Cloudbursts go up, but no system for forecast
Cloudbursts in the western Himalayan region are now routine rather than an exception.india Updated: Jun 28, 2013 03:00 IST
Cloudbursts in the western Himalayan region are now routine rather than an exception.
There have been around a half a dozen cloud-bursts between June 15 and June 25 in the flash flood hit states of Himachal Pradesh and Uttarakhand, shows the data of the Indian Meteorological Department (IMD).The June 16 cloud burst follow by flash-flood in Uttarakhand had resulted in deaths of hundreds, whereas another cloud burst in Himachal had caused huge loss to property in Kinnar district. After that two more cloud bursts each had hit the two states, the latest being on Wednesday in Mandi district of Himachal leaving three persons dead.
The June cloud bursts were much more than anything like that in the preceding years. Three major cloud bursts were reported from Uttarakhand in 2012 and two from Himachal that year. “The average cloudbursts in a year in last decade in these two states have been three as compared to 2.8 in 1990-200 period,” said a senior weather department official.
Even though frequency of cloud bursts has been increasing, many say because of climate change, India does not have a system to predict cloudburst resulting in flash-floods like the one for cyclones.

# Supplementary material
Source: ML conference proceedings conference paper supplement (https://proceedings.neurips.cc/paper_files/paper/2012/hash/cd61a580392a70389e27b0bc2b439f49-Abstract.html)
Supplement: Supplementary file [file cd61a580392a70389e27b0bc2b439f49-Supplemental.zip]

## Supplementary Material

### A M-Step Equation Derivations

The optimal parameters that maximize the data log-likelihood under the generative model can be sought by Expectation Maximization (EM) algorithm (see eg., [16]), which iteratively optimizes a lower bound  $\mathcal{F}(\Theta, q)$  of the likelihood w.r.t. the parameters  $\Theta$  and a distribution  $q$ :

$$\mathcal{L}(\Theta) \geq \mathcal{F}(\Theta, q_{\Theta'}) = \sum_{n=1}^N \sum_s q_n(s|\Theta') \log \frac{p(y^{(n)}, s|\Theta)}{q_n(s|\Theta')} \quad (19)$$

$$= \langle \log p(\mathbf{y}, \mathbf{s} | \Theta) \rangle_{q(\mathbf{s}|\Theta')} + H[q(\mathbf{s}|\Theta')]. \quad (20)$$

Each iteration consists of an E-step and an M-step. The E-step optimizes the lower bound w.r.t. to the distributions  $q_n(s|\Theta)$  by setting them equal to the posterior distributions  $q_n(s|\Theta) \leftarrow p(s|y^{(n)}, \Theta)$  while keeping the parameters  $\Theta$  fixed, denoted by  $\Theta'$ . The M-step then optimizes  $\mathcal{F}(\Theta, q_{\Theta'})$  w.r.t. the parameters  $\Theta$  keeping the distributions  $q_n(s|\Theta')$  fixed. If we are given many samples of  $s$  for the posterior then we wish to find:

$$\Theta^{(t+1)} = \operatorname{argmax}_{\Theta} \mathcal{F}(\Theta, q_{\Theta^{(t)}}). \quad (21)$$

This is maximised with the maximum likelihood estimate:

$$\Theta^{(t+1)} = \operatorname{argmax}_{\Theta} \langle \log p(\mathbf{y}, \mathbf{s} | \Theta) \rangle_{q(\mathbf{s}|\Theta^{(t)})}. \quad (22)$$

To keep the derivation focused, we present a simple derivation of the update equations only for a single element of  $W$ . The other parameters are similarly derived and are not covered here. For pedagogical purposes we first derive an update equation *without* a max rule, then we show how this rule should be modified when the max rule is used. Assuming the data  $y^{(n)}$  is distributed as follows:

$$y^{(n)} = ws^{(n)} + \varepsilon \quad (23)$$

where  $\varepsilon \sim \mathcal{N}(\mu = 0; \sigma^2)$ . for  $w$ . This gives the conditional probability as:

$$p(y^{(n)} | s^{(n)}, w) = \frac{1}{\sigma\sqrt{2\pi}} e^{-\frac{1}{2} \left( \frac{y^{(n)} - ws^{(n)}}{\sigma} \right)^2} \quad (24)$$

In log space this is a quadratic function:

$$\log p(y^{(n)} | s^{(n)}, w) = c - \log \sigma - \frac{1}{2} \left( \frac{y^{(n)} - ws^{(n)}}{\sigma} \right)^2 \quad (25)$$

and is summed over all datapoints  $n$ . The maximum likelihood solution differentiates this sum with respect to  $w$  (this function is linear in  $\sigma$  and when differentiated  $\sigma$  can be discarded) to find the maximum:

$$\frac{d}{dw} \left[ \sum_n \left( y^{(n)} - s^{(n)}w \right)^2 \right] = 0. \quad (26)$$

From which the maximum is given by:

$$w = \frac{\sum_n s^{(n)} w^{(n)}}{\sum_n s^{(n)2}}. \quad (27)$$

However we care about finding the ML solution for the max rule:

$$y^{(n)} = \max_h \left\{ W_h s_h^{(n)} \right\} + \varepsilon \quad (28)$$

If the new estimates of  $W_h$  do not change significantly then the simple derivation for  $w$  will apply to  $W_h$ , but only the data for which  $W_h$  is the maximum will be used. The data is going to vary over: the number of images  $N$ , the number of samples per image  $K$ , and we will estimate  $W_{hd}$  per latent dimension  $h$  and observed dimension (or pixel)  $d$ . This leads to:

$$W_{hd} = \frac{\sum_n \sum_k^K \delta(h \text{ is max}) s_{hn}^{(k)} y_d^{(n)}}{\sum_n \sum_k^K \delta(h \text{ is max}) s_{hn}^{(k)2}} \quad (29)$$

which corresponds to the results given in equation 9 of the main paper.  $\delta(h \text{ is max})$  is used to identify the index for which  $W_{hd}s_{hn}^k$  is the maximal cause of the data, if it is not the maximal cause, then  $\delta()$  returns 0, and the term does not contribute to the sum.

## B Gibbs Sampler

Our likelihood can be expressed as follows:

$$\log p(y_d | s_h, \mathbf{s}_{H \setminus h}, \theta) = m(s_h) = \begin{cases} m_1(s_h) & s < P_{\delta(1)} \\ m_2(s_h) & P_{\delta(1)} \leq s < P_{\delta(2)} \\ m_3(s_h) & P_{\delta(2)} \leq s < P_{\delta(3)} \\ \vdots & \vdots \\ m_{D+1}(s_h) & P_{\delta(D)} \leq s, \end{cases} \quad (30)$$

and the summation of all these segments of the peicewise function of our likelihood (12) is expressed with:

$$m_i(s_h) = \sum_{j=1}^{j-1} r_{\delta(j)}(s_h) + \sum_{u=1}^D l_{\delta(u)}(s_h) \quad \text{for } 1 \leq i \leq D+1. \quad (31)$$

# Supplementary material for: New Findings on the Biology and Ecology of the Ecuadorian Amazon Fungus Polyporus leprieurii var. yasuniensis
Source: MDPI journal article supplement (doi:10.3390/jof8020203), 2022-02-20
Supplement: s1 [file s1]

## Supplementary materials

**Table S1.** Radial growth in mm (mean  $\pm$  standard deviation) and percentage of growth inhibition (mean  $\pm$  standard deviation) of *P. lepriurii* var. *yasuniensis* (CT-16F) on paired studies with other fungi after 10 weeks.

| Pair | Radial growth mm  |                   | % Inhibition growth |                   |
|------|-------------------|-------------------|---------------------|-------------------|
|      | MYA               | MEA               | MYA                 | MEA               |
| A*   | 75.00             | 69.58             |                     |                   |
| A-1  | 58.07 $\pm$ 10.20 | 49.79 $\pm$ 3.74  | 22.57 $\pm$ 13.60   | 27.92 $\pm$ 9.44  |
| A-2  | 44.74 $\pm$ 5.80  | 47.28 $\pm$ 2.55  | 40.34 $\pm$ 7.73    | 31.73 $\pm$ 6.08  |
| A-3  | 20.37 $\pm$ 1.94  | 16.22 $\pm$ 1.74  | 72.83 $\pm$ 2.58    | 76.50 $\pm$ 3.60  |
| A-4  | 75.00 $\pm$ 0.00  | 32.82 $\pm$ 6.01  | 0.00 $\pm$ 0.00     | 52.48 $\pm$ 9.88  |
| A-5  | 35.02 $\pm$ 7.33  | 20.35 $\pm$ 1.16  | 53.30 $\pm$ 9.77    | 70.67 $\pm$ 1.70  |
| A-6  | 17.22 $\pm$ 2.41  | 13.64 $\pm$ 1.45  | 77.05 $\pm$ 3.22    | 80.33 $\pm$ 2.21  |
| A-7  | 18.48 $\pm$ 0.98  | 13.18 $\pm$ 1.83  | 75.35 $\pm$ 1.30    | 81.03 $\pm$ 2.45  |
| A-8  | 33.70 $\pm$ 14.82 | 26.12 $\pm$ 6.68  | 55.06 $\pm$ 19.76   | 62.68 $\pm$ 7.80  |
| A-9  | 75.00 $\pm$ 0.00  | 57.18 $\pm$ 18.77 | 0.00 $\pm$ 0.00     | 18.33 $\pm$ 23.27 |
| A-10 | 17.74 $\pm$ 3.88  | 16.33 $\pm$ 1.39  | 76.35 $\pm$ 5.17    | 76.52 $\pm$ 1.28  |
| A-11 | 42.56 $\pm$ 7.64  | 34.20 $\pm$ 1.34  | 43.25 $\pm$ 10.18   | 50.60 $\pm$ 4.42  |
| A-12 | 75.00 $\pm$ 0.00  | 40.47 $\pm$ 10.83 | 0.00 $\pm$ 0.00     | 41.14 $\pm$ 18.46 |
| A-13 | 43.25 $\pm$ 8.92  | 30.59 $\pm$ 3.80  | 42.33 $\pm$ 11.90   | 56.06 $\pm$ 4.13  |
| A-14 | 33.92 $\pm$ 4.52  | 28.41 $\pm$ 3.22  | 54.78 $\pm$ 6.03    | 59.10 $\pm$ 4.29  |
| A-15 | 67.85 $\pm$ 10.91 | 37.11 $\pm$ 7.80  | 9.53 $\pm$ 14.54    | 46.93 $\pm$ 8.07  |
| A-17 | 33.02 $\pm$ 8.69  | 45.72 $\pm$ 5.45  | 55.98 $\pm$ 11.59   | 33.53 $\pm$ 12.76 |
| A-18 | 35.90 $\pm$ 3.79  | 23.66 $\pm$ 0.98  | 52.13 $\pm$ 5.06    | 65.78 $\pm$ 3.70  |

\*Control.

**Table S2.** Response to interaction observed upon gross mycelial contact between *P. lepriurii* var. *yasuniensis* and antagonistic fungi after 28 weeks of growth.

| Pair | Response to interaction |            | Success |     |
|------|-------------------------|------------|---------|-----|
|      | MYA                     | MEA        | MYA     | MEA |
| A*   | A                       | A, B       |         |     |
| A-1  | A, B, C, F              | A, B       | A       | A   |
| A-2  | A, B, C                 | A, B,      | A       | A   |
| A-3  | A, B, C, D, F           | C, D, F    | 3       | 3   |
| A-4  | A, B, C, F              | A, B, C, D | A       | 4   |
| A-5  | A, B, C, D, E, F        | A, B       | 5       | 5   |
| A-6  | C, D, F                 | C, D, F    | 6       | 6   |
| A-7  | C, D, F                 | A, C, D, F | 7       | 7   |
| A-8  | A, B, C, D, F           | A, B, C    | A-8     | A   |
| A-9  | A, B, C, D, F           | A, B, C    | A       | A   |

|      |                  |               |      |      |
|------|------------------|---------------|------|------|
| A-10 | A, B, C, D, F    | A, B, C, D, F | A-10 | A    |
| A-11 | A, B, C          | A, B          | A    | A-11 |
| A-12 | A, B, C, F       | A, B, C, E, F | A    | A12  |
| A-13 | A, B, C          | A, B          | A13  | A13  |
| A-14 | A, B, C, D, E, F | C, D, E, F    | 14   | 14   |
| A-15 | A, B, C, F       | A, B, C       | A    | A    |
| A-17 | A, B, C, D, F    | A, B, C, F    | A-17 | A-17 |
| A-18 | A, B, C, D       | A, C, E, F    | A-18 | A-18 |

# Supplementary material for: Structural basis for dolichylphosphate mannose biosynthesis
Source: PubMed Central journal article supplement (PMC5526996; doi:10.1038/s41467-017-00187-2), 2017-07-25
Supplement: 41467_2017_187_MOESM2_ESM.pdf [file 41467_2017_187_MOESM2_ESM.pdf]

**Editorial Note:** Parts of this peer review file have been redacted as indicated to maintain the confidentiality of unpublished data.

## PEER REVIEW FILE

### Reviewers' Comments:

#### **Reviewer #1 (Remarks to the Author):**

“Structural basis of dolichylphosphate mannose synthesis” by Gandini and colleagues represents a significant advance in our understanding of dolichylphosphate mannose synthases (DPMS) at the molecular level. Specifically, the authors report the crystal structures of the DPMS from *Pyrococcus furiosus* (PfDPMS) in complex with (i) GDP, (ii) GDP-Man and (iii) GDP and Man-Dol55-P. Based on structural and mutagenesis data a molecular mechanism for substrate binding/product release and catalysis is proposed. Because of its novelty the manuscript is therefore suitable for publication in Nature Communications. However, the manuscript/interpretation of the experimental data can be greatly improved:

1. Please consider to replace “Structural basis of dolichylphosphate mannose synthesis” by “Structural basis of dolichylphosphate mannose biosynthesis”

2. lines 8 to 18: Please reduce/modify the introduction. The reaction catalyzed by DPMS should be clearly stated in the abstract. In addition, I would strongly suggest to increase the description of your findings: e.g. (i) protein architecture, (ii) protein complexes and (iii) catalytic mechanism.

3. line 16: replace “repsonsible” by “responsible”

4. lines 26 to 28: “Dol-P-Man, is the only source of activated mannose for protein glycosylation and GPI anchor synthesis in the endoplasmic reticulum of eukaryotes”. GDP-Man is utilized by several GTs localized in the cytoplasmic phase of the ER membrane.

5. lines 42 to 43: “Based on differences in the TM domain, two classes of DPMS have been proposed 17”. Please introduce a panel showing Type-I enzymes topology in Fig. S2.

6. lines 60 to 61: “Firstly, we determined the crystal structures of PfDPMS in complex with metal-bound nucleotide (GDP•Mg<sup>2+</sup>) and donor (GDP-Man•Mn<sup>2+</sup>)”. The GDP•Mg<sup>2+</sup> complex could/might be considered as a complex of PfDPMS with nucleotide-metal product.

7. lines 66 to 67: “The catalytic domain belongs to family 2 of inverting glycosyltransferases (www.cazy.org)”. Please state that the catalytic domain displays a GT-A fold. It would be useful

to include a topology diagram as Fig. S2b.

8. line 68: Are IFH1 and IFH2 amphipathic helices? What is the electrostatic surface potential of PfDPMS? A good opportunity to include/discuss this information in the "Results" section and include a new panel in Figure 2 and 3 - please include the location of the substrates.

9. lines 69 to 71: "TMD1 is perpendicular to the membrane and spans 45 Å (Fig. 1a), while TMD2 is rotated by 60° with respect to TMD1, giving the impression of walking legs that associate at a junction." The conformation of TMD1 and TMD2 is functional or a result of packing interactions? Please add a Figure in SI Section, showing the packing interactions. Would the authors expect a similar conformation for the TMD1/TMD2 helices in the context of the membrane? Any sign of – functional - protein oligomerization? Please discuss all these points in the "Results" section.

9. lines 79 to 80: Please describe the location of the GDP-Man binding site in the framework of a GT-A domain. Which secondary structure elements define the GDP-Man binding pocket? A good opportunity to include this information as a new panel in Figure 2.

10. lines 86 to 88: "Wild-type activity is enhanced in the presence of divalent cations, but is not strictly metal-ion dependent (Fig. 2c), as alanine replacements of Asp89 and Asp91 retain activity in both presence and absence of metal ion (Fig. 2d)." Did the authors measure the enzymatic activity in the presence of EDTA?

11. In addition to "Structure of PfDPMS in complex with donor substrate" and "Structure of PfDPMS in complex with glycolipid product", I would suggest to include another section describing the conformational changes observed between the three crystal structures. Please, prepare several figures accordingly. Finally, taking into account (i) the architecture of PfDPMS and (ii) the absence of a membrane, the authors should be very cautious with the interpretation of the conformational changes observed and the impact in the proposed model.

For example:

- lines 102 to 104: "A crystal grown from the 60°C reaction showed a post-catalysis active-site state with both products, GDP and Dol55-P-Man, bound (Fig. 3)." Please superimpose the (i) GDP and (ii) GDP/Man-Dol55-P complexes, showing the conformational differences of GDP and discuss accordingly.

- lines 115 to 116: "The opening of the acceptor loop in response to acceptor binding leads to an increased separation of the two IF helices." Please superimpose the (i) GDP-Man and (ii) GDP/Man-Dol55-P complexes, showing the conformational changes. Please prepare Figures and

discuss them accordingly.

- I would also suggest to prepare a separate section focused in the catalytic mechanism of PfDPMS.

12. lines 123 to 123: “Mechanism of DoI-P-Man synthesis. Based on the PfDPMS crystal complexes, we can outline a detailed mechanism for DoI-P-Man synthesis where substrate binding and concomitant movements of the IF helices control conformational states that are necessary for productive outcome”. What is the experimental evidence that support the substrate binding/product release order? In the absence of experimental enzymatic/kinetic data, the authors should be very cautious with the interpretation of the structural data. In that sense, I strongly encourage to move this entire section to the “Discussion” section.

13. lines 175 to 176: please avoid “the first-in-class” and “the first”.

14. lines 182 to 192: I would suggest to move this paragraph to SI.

It is not that cloud-bursts cannot be predicted but for that one needs ground data and its proper analysis. “Installation of Doppler radars has improved cyclone warning system in coastal India. The same can be installed in the Himalayan region to predict cloud bursts,” said Chandan Ghosh, head of department of geo-hazard risk management at Indian Institute of Disaster Management (IIDM).
That many not suffice as there are many other factors that contribute to gush of water down in the hill after heavy rains.
One of them is the glacial lakes which became of faster melting of glaciers are getting excess water in the summer months. Himachal and Uttarakhand have over 250 glacial lakes which are not monitored on regular basis.
In 2004, a major disaster was averted when satellite monitoring of Parchu (glacial) lake on India-China border in Himachal showed it was over-flowing. “The ISRO (Indian Space Research Organisation) can monitor other glacial lakes also,” an official said.
Another key data required to gauge impact of flash floods in lower regions would geological and hydrological nature of upper Himalayan reaches. “The Central Water Commission can use 3D data modeling to predict floods in the hilly areas,” Ghosh said.
A study by the Indian Institute of Technology Roorkee on cloudbursts in Uttarakhand in 2012 said prediction of cloudbursts is challenging, and requires high-resolution numerical models and mesoscale observations, high-performance computers and Doppler weather radars.
The Department of Science and Technology has now proposed to install Doppler radars in the higher reaches of the Himalayas.